• Three different opportunities to integrate knowledge

    • Alternative learning modalities

    • Common core and common experience

  • Faculty

    • Attractive recruiting tool

    • Opportunity to work collaboratively with other faculty

    • Opportunity to develop international content and knowledge

  • RSB

    • Quality orientation matches undergraduate program

    • MBA is financially independent, contributing to RSB growth

    • Student loyalty is higher


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Lessons Learned

  • The devil’s in the details - - need to modify as we go

  • Need for PR is very strong

  • You CAN create a part-time program with all the bells and whistles!


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A Full-Time MBA Innovation Example

University of Tennessee


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Characteristics of UT MBA

  • 90 students per entering class

  • Average age: 28 Work experience: 3-5 yrs

  • Lock-step program

  • Two dual degrees (with law and engineering)

  • Virtual marketplace monopoly (in Knoxville)

  • Prospective students have a southeastern US bias, but national/international coverage

  • Local job market is extremely limited – recruiters come from all over the country and placement is geographically dispersed


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Characteristics of UT MBA (Cont.)

  • Seen as curriculum innovator and flagship program in college (the laboratory)

  • UT CBA has approx. 3000 business undergrads, 4 EMBAs, an extremely strong executive education mission

  • State school – historically and perpetually under funded (lean and mean!)


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Evolution of UT MBA Program

30 year life cycle

10 year

life cycle

  • Chapter Two

  • “Every Manager” in first year

  • integrated first year, year-long case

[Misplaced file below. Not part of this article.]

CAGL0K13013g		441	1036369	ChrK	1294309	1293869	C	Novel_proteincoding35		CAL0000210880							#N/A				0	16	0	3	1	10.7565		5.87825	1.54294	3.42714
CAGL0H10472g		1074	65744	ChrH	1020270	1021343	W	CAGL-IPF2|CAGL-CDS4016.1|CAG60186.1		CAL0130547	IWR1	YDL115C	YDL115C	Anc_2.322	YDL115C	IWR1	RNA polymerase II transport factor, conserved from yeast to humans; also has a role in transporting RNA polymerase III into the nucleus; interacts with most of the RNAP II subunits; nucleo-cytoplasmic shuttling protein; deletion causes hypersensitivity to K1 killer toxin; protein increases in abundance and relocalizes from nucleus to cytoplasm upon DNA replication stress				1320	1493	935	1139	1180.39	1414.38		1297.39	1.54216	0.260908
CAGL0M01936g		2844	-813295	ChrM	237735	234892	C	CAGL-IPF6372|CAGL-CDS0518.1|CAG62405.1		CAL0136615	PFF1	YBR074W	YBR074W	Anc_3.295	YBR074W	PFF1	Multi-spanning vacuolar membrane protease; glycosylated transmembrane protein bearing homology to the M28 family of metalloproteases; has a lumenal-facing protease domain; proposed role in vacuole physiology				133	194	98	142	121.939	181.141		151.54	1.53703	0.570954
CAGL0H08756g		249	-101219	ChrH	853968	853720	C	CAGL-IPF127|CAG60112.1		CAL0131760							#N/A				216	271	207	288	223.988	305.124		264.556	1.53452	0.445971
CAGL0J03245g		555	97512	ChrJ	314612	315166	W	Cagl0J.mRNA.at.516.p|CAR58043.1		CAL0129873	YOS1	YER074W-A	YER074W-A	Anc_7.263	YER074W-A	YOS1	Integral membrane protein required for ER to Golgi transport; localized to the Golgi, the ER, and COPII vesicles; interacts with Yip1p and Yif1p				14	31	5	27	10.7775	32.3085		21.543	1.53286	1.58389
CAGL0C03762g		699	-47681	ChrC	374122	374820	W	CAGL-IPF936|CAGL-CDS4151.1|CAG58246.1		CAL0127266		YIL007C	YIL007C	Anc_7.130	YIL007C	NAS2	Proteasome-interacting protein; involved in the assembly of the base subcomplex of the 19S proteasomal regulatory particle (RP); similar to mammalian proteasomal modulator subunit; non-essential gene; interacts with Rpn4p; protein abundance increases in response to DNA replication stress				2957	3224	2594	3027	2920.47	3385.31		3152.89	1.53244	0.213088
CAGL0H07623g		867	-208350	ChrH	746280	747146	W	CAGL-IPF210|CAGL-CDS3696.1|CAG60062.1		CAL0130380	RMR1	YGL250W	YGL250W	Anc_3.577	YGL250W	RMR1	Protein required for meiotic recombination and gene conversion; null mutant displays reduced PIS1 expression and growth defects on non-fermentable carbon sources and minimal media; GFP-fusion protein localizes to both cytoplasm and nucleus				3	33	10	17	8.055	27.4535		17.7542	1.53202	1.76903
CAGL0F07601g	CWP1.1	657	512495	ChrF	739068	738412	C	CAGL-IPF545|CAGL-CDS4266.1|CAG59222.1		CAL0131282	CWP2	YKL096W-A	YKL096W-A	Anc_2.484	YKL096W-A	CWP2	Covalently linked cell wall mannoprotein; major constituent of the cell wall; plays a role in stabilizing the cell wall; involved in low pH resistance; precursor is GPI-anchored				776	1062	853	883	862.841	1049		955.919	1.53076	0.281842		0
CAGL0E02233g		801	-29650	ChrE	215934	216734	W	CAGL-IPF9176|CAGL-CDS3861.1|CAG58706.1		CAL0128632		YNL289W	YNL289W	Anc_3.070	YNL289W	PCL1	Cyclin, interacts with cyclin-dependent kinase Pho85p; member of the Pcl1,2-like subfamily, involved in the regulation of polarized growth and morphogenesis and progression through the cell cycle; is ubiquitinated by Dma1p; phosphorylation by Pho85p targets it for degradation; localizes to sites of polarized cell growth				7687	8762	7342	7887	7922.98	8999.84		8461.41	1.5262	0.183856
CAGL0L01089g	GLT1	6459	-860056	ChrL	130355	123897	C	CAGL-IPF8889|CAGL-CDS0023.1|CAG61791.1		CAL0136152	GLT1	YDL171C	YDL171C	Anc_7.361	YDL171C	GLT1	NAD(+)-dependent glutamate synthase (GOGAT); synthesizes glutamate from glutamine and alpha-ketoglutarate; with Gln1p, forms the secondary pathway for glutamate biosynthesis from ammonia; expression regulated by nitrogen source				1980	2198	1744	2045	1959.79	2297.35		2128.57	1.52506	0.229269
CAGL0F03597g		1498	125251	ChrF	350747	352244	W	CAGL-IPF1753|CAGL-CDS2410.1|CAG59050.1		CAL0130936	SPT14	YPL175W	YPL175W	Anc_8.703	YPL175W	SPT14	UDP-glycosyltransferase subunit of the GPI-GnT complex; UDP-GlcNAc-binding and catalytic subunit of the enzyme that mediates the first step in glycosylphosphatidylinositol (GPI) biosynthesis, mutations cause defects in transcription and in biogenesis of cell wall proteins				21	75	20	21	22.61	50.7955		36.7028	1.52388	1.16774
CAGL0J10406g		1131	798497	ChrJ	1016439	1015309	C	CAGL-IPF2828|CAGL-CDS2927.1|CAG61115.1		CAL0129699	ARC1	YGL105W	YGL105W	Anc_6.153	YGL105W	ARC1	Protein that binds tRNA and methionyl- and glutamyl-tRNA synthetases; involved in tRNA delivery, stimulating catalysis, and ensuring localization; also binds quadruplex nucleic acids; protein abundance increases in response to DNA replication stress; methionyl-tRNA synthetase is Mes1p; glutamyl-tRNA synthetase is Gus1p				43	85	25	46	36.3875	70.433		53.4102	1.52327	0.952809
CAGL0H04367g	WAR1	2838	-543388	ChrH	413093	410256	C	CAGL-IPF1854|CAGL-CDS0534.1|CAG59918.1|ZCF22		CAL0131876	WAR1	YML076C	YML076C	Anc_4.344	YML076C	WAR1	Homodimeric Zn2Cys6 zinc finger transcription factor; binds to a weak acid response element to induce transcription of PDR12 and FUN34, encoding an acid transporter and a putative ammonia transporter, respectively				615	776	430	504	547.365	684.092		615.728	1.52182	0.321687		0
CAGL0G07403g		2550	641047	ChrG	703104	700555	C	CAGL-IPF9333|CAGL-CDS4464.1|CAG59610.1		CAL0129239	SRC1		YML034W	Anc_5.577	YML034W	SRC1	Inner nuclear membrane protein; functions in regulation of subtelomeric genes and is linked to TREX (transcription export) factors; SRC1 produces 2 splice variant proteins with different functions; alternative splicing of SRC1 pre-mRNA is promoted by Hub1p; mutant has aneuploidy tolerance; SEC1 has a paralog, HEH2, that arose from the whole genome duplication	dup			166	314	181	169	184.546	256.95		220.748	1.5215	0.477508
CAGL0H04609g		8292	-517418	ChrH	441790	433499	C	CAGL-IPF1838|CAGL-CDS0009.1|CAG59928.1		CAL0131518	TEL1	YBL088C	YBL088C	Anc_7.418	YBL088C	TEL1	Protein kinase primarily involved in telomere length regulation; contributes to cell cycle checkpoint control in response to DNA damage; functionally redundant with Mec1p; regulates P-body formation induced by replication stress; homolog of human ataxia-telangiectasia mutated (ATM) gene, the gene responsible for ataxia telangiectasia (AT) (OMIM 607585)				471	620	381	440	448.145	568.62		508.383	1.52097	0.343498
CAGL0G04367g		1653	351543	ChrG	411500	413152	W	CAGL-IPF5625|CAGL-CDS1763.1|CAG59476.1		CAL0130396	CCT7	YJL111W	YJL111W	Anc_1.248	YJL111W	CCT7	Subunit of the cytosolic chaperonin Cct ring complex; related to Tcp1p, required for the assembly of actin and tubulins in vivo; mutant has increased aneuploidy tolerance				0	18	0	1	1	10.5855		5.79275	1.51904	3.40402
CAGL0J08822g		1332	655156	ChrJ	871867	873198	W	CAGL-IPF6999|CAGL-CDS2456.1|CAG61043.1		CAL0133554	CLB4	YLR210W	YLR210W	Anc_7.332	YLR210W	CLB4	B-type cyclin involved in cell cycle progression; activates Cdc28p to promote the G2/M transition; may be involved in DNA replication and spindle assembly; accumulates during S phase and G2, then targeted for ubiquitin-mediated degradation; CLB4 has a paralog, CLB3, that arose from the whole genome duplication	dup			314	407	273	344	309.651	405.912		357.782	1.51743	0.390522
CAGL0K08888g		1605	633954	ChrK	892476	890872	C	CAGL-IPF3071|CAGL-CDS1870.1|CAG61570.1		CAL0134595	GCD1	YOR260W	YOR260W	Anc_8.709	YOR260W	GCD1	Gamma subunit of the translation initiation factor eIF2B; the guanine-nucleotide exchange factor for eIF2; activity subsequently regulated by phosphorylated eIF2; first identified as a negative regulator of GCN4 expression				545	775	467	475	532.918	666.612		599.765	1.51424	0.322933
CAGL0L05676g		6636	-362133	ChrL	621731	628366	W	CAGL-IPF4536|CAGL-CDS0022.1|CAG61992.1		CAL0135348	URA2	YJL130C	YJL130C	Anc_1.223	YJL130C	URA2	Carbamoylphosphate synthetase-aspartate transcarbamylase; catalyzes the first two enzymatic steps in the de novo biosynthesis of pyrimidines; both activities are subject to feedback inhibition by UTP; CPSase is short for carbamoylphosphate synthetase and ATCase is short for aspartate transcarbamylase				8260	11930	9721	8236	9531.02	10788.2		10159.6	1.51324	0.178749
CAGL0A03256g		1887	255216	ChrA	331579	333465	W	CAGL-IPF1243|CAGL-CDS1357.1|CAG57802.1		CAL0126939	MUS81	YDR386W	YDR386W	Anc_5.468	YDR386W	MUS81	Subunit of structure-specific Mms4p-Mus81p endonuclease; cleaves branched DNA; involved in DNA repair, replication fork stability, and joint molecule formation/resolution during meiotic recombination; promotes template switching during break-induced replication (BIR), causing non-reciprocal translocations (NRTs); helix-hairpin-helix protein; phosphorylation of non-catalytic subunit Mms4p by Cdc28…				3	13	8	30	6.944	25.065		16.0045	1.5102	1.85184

• discipline-based concentrations

  • Leadership/Comm. emphasis

  • Chapter One

  • “traditional” MBA

  • non-integrated

  • focus on discipline skills

  • Chapter Three

  • 17-month

  • Integrated core (w/in- and across-firm integration)

  • Pre-internship concentration classes


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Internal

Enthusiasm over Chapter Two was waning - hard to attract and retain best faculty

Solving design flaws in Chapter Two required a new structure

Better utilization of college resources – need to balance program delivery efficiency with our “high touch” values

Continue to lead curriculum innovation in other graduate programs in the college

External

Need to align program content with changing business environment

Need to align program content with CBA core competencies

Stronger program positioning in a competitive MBA market (niche)

Customers (students and recruiters) were asking for shorter programs

UT Pressures for Chapter Three


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Managing the Innovation and Communications Process

  • Identification of departmental liaisons from primary/secondary groups

  • White Papers

  • Web site

    • Minutes of all meetings

    • Early ideas/Drafts

    • Progress reports

  • Meetings/presentations

    • Departments

    • College

    • Recruiters

    • Advisory Council

    • Students

Primary Group

Secondary Group

Communication

Faculty/Depts.


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Stakeholder Involvement

  • CBA Faculty

  • Alumni

  • Current Students

  • Corporate Managers and Recruiters

  • Academics

  • MBA Admissions Director

  • MBA Career Services Director

  • Joint Program Partners

    • College of Engineering

    • College of Law


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UT MBA 17-Month Structure

April

May

Mid-May

- August

August-December

July 30-March

Career Development

Internship &

Web-Based